Thomas Edison, whose 169th birthday falls on Feb. 11, is best known for inventing the lightbulb and for being one of the fathers of movie-making and sound recording, but there's a less-recognized invention the Wizard of Menlo Park designed that in many ways could have changed the course of American history - that is, if it had ever been given a chance. With the current 2016 presidential primaries underway, Edison's first patented machine - and one of his biggest flops - is well worth examining.
At the age of 22, the man that would go on to have 1,093 patents to his name during his lifetime was a lowly telegraph operator who had recently been fired from his job at Western Union for tinkering with a lead-acid battery (which leaked sulfuric acid onto the floor, irreparably damaging it) on the job. The event propelled Edison to work on what would become his first patented invention: a machine which recorded the ballots of would-be voters with the help of a simple switch and an electric current.
At the time, laying claim to the first patent for a voting machine was a pretty hot ticket: according to Rutgers University, governmental bodies like the New York state Legislature and Washington, D.C.'s city council were considering the utility of a mechanical recorder in lieu of roll calling votes - i.e., actually having reps say "aye" or "nay" one by one, with a scribe tallying up the votes by hand. Edison's plan was to speed up the process with a machine, which he named the "electrographic vote-recorder," that could let legislators vote with the flip of a switch - one end would signifiy a "yes" vote, and the other a "no" vote - and deliver the information via electric current to a main recorder, which would dispense the votes into two columns. After the legislators voted, a clerk would feed a piece of chemically-treated paper, which would then be used to "print" the votes out for everyone to see.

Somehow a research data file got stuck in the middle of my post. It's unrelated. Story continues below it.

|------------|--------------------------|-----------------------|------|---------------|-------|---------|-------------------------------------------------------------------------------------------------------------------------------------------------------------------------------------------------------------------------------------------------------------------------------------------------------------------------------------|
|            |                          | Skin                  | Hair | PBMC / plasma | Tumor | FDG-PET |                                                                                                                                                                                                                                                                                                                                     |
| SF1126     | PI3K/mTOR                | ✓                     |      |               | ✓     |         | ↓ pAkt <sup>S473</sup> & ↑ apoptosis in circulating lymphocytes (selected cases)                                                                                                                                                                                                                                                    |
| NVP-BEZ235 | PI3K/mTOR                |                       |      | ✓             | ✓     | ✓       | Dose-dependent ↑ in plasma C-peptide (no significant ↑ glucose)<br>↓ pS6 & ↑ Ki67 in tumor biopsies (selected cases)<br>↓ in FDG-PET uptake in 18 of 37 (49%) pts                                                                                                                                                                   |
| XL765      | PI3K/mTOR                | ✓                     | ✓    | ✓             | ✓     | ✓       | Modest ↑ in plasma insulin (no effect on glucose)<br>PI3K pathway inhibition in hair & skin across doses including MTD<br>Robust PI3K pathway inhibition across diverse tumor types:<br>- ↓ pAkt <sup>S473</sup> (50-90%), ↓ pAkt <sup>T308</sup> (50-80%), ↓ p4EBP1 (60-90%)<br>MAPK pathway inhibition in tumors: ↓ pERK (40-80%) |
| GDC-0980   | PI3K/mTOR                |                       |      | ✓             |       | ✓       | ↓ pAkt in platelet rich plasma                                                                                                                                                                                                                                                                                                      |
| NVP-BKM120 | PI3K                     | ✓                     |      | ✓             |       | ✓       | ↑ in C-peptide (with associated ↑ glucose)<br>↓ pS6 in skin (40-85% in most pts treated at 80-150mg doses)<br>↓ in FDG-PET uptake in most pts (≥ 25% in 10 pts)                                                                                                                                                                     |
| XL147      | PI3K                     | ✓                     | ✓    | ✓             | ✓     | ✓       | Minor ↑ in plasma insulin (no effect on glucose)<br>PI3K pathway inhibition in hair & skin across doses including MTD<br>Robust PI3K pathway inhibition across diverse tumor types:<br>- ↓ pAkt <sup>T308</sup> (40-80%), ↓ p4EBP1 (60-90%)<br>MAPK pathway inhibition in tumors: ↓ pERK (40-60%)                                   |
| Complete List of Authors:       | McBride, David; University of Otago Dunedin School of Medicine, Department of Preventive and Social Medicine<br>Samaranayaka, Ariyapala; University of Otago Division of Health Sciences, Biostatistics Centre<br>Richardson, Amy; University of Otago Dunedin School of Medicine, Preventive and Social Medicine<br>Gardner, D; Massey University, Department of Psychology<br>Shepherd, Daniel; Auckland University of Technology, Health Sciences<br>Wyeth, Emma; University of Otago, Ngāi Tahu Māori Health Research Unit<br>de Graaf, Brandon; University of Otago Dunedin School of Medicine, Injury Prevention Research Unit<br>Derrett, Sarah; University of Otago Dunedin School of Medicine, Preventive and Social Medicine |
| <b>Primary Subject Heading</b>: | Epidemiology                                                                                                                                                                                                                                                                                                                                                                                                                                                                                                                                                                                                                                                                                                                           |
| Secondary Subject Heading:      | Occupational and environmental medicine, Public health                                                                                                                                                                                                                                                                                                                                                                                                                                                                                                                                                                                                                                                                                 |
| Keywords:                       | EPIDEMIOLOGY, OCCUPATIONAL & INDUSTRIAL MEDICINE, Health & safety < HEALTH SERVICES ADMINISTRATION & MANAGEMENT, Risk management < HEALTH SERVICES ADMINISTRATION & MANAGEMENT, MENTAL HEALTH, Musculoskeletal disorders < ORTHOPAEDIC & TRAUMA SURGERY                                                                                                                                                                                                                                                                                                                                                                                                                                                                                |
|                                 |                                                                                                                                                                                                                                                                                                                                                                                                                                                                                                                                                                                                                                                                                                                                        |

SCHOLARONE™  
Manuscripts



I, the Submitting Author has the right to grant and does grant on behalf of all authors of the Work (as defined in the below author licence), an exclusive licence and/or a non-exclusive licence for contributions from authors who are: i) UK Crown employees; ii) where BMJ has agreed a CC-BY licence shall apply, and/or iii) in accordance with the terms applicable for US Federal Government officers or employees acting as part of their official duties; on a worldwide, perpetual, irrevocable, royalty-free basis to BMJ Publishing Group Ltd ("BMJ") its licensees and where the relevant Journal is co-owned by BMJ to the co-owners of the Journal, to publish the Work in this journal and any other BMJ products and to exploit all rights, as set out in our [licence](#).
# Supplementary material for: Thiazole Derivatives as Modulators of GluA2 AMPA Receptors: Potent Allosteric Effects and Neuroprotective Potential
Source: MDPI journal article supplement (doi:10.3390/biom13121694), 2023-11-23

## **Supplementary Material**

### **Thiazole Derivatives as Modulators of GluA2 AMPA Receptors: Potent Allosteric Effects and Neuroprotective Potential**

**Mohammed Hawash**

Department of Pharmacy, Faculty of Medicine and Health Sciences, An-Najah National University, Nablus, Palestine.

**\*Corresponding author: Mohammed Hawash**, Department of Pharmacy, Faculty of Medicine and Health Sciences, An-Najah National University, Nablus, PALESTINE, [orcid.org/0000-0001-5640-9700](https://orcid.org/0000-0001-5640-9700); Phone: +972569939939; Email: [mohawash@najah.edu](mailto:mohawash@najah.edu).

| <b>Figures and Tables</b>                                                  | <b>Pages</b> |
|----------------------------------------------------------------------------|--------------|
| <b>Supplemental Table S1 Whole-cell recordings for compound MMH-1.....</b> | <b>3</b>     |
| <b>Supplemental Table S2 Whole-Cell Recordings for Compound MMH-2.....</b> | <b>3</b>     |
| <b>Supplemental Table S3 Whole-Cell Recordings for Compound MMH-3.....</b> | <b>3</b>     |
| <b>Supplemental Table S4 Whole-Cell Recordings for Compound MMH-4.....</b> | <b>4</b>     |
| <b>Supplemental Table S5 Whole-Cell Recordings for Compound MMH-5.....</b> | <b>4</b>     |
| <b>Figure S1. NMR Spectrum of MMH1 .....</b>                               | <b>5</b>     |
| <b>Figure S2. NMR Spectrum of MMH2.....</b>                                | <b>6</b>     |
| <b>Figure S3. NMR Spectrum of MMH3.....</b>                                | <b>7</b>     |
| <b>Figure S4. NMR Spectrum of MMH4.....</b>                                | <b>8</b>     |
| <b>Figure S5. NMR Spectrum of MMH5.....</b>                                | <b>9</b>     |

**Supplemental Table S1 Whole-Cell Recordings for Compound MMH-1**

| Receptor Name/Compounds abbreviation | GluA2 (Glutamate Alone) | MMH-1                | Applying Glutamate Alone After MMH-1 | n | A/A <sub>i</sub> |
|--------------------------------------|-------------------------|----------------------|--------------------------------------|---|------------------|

Edison beat his competitors to the punch - or at least the patent office - and was issued an official U. S. copyright on his device, numbered 90,646, on June 1, 1869.
Unfortunately, the machine might have been a bit too ahead of its time. After a fellow telegrapher named Dewitt Roberts purchased an interest on the patent for the sum of $100 (around $1,754.39 with today's inflation), Edison's colleague took it to the nation's capital, showcasing it to members of Congress in Washington, D.C. to display its viability. The response? The chairman of the committee responsible for rubber-stamping the machine for government use (or adversely chucking it) scoffed, "if there is any invention on earth that we don't want down here, that is it."
The U.S. legislative bodies stuck to roll-call voting for the next 10 odd years or so, which was more often a disservice to constituents than not; as a Rutgers University page dedicated to Edison's first patented invention pointed out, the manual roll call method "enabled members [of government bodies] to filibuster legislation or convince others to change their votes." It wasn't until 1881 until the patent for the first official voting machine, invented by Anthony Beranek, was approved for use in an American general election -- and in the end, Edison's design remained unused, collecting dust in the patent office. (Despite the advent of electricity and everything involving computers, the Senate still uses the roll call method to this day.)
Then again, as the gumption-powered Edison once said, "I have not failed. I've just found 10,000 ways that won't work." So despite the fact that Edison's first patent failed to make its mark on the American landscape, if his later inventions are any indication, the saying stuck.